10 of the best lines from Pride and Prejudice and what they can teach us
Jean Burnett is the author of Who Needs Mr Darcy? To celebrate the release of her latest work The Bad Miss Bennet abroad – here she chooses 10 of the best lines from perhaps what is Jane Austen’s best-loved work, Pride and Prejudice.
“Daughters are never of so much consequence to a father.”
Everything in Austen’s world of the landed gentry related to inheritance. A son was needed to carry on the family name and ensure that the land remained in the family. Daughters, therefore, were a misfortune.
“The business of her life was to get her daughters married; its solace was visiting and news.”
Mrs Bennet had little else open to her. Women were restricted entirely to the domestic sphere, either as the lady of the house or as a servant. As for gossip with friends – that never goes out of fashion.
“Mary wished to say something sensible but knew not how.”
Well, we’ve all been there. Despite her intensive regime of reading in her father’s library, Mary was tongue-tied in public whereas Lizzie would have managed a quick and witty retort.
“He is not at all liked in Hertfordshire.”
The world was a much smaller place in those days. The gentry would have known each other pretty well and an outsider would be judged en masse – which can still happen today.
“Think only of the past as its remembrance gives you pleasure.”
Austen’s attitude appears to say, ‘don’t waste time bewailing past misfortunes’.
We can’t know if she followed her own advice faithfully or whether it was just for her fictional characters.
“I should infinitely prefer a book.”
Will anyone say this in the future? Jane knew that writers must read but many would-be writers today do not seem to be aware of this necessity.
In Northanger Abbey one of her characters gives the ultimate literary put-down: “The person, be it gentleman or lady, who has not pleasure in a good novel must be intolerably stupid.”
“Where does discretion end and avarice begin?”
Being careful with money is necessary and unavoidable for many, but it can become an end in itself. The term ‘miser’ has fallen out of use lately but there are still people who fit that description. Jane would say that life is too short for constant self-denial.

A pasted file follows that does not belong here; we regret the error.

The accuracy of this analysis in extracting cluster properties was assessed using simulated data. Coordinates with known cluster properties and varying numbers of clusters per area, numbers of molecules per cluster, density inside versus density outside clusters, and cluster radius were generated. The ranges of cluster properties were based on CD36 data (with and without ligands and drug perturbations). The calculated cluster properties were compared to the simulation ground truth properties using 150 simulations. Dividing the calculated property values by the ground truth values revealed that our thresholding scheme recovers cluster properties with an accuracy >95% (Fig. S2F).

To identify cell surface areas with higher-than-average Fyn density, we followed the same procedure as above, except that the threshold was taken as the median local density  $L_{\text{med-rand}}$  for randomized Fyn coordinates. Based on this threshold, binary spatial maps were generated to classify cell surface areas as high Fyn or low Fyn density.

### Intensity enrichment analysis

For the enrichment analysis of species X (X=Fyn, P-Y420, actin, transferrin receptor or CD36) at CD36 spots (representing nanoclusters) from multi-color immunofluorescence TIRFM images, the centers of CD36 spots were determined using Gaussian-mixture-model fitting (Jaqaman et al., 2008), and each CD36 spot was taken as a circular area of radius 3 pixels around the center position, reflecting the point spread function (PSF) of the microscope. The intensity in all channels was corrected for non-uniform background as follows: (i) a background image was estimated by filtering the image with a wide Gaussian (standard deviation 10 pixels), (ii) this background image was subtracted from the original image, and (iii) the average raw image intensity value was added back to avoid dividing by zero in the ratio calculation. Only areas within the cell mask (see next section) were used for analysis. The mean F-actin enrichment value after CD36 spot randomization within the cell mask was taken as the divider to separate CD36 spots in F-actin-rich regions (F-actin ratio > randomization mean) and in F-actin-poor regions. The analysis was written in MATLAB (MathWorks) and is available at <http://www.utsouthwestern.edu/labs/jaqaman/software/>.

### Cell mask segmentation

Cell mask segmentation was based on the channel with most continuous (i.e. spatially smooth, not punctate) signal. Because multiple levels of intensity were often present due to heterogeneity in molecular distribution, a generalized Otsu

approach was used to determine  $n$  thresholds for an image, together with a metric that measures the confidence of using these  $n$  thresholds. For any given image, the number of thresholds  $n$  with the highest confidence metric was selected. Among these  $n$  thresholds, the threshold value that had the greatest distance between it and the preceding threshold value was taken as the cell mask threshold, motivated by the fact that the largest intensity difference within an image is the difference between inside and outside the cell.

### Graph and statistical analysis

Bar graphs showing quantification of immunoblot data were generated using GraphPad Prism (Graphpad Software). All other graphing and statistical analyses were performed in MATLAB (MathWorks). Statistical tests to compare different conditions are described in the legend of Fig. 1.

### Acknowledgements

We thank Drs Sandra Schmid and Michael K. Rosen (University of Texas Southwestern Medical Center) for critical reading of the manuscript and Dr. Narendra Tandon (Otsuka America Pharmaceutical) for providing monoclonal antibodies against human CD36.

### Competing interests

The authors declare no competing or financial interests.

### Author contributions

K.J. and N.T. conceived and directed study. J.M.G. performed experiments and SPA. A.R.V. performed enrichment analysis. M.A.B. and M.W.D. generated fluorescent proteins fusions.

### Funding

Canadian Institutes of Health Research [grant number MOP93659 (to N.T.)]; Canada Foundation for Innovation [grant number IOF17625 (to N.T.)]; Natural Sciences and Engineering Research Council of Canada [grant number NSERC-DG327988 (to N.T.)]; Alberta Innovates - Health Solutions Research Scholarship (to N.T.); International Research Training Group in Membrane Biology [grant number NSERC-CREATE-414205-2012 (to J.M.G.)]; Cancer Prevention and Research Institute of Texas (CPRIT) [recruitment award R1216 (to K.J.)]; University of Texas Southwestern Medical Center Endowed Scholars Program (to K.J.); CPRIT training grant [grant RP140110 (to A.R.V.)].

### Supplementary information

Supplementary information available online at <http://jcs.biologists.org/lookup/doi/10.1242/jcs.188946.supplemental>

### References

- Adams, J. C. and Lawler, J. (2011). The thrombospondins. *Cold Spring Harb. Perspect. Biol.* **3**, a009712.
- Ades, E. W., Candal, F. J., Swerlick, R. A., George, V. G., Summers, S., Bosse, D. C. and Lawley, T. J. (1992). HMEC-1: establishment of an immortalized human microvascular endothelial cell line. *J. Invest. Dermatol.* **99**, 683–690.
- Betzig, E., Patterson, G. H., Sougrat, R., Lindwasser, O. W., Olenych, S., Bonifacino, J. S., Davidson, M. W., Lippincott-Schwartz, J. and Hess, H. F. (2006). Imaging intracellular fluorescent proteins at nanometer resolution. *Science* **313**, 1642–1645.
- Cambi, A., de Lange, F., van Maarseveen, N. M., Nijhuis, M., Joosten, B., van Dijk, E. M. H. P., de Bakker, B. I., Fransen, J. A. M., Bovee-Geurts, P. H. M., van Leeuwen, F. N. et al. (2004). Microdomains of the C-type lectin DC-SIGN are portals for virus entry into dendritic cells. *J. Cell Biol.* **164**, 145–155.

“To be sure it would have been more for the advantage of conversation if Miss Lydia Bennet had come upon the town.”
This is a euphemism for prostitution and it appears scandalous gossip is the only thing that made country life bearable – how often does salacious gossip distract us from the more important things in life?
The ultimate disgrace for a woman was to fall into prostitution, though there were few other avenues open to a single woman without means.
“What pin money, what jewels, what carriages you will have!”
To a cynic, this line captures the entirety of Pride and Prejudice though obviously Austen wrote with tongue firmly in cheek.
Mrs Bennet’s dislike of Mr Darcy was nothing compared to the pleasures of his income and status. When no other means of support was available for women they could hardly be condemned for this obsession.
“Nothing is more deceitful than the appearance of humility; it is often only carelessness of opinion, and sometimes an indirect boast.”
Jane once again nails human behaviour neatly. It is one of Darcy’s more pompous remarks but shows his dislike of hypocrisy and deviousness and perhaps he was thinking of Mr Wickham’s behaviour at the time – a scoundrel who along with the spirited Lydia, inspired my series of novels.
The Bad Miss Bennet Abroad by Jean Burnett is out now via Canelo Books